They say I am a pessimist. Here was the country in euphoria over its bumper crop of tigers, an increase of about 30 per cent, than the previous count of 1706, and here was I, muttering about corridors and fretting if the tiger had a secure future. Why?
The 2014 tiger estimation was surely a moment to celebrate, and I was as delighted as anyone-and far more-that India's tiger population has stabilised, indeed increased. At the same time, I am very worried that we are getting fooled by numbers-deluded into believing that 'all is well'. Truth be told, we are not giving the tiger the priority it deserves, and the will or commitment to save its habitat, is waning.
Reasons to worry about
The 2010 report clearly showed that tiger habitats outside of the reserves are declining, and corridors are being decimated and fragmented. The final report of the 2014 estimation, expected sometime soon, reportedly reiterates this.
And lost in the euphoria over the jump in numbers was another report, Connecting Tiger Populations for Long-term Conservation, by the Wildlife Institute of India (WII), on India's key tiger corridors. The report stressed that vital connectivity between isolated reserves is very fragile, and increasingly threatened.
Most of our reserves are small, and are increasingly getting islanded. Such isolated tiger populations eventually hit a genetic dead end, and succumb to inbreeding depression, causing them to collapse. If we want the tiger graph to rise, or even remain stable, conserving tiger corridors and landscapes is crucial, and this is the weakest link in this success story.
Far from conserving vital wildlife habitats, there is no will to even ensure effective mitigation measures.
While this is happening across habitats, let's just focus on the expansion of National Highway 7 which cuts across the vital linkage that connects the Kanha-Pench tiger reserves and onward to Nagzira-Navegaon and Tadoba, one of the finest tiger landscapes in the world.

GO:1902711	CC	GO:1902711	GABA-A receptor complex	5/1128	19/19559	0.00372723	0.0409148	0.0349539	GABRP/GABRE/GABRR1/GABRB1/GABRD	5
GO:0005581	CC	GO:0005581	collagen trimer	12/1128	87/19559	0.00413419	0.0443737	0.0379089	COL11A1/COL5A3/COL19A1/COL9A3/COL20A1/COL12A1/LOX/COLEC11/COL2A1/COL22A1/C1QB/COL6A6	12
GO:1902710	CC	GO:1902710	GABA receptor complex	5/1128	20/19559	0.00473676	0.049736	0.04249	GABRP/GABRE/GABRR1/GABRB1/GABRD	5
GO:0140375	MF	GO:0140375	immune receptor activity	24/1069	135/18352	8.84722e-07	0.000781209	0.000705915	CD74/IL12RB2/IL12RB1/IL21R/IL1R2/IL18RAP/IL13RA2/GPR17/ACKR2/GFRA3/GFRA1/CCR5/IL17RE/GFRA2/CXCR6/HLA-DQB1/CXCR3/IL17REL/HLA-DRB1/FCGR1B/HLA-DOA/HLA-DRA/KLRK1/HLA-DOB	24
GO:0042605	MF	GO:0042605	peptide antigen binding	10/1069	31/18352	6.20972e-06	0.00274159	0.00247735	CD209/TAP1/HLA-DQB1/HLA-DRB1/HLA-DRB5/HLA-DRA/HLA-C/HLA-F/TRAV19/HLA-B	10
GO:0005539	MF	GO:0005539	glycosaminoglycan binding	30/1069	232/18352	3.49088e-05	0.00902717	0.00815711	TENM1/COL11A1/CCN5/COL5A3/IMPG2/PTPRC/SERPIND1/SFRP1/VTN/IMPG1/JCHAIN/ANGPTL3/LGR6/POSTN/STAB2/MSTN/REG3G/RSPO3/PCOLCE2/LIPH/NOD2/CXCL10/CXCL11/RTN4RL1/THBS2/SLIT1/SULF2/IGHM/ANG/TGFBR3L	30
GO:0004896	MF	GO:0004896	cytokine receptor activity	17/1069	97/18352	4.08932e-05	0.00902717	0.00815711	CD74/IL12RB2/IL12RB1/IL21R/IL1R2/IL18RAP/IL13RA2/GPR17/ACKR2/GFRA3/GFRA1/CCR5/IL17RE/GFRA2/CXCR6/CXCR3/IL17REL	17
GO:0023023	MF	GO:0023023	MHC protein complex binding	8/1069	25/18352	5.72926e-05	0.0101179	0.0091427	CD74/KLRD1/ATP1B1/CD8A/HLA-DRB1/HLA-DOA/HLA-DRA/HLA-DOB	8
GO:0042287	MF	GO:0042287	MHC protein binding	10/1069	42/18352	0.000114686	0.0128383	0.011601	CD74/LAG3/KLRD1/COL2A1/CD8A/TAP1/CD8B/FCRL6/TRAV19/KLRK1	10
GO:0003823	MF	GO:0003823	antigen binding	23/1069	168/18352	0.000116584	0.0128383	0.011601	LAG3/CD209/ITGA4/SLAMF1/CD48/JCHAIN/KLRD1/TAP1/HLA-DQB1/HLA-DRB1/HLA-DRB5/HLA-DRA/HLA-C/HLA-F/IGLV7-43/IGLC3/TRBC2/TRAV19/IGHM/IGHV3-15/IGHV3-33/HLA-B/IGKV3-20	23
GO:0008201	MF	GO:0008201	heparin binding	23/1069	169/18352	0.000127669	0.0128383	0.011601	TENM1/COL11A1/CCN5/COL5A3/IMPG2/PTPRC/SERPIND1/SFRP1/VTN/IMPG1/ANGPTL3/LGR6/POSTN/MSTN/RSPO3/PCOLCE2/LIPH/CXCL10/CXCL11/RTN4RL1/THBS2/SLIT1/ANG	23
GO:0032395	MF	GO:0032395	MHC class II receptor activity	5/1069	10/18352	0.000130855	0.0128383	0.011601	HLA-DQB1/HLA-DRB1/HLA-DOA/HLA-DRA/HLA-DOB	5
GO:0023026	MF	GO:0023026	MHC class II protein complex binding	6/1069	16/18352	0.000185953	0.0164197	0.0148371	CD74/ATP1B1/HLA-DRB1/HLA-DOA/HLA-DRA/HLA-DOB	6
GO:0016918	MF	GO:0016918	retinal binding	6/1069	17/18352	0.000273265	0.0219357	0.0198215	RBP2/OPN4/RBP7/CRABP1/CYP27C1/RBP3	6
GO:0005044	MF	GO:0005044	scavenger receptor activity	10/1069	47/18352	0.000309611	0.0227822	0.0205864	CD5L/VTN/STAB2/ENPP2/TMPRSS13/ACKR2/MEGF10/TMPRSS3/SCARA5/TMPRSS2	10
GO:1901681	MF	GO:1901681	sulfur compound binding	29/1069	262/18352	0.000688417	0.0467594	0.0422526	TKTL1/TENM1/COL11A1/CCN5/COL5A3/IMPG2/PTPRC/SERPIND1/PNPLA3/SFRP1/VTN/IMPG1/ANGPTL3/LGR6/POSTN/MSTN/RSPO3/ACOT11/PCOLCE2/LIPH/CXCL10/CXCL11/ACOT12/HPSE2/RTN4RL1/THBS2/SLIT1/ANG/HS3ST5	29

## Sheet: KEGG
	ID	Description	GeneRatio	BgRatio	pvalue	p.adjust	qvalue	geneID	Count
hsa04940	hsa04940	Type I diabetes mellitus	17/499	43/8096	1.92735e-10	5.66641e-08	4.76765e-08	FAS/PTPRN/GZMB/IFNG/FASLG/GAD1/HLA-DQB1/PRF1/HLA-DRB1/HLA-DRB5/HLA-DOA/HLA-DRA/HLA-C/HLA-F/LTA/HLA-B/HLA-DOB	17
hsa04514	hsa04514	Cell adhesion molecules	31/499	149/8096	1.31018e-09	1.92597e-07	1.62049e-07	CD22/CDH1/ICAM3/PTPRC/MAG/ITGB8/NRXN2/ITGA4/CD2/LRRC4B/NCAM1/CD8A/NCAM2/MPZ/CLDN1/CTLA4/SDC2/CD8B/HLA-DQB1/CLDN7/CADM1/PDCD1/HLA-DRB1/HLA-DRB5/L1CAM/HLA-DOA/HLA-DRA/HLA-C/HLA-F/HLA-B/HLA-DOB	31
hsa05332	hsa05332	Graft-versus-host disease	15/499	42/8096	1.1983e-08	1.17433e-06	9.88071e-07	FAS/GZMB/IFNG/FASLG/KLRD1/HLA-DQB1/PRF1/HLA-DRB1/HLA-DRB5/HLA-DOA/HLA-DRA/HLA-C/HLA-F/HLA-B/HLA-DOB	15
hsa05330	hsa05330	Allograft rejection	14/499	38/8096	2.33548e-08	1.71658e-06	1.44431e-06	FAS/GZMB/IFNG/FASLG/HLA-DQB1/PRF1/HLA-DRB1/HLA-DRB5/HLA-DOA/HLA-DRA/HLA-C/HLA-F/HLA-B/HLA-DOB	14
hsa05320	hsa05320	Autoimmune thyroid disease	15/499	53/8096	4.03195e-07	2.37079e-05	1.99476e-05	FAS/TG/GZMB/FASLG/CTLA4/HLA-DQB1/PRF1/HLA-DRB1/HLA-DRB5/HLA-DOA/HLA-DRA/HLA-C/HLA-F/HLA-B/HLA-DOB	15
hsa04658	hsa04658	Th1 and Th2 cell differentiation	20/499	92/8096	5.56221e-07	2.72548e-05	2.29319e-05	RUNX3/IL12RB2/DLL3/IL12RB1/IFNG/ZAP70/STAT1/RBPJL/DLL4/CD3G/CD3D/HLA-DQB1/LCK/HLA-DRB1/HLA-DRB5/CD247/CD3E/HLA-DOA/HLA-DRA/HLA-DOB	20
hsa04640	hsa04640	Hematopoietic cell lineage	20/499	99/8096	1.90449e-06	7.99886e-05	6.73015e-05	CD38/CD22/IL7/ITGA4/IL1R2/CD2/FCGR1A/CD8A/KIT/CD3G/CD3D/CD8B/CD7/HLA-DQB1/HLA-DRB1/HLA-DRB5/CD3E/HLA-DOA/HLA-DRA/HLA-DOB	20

In its initial reports, the National Tiger Conservation Authority had clearly stated that the "road widening would 'irreversibly damage the tiger habitat' and 'should be implemented under no circumstances'. However, unmindful of the dire consequences, the road widening has pushed ahead.
The Wildlife Institute of India's mitigation plan was turned down by the National Highways Authority of India, for being unnecessary, impractical, and mainly as "too costly". The NHAI has bulldozed ahead with expansion, brushed aside wildlife concerns, and has come up with its own 'mitigation' plans with miniscule underpasses which may allow a jackal to sidle through, but short of shrinking the tiger...it is difficult to understand how it will allow the animal passage. What the underpasses would do instead is to serve as easy snares for poachers, and also get flooded during monsoons, rendering them ineffective.
If such a key corridor of one of the world's finest tiger habitats-and a very high-profile case-is being frittered away, what would be fate of other forests, habitats of creatures deemed 'lesser'.
This is just one example-across the country, the tiger habitat is under siege-the Ken-Betwa river linking scheme will drown the heart of Panna, a large chunk of critical tiger habitat, while the river linking of Godavari-Mahnadi will submerge the tiger habitat of Satkosia; a road is being constructed all along Dudhwa's periphery, bisecting vital tiger habitat, and dams across Arunachal threaten vital wildlife habitats downstream, including Kaziranga and Dibru-Saikhowa. And this is by no means an exhaustive list.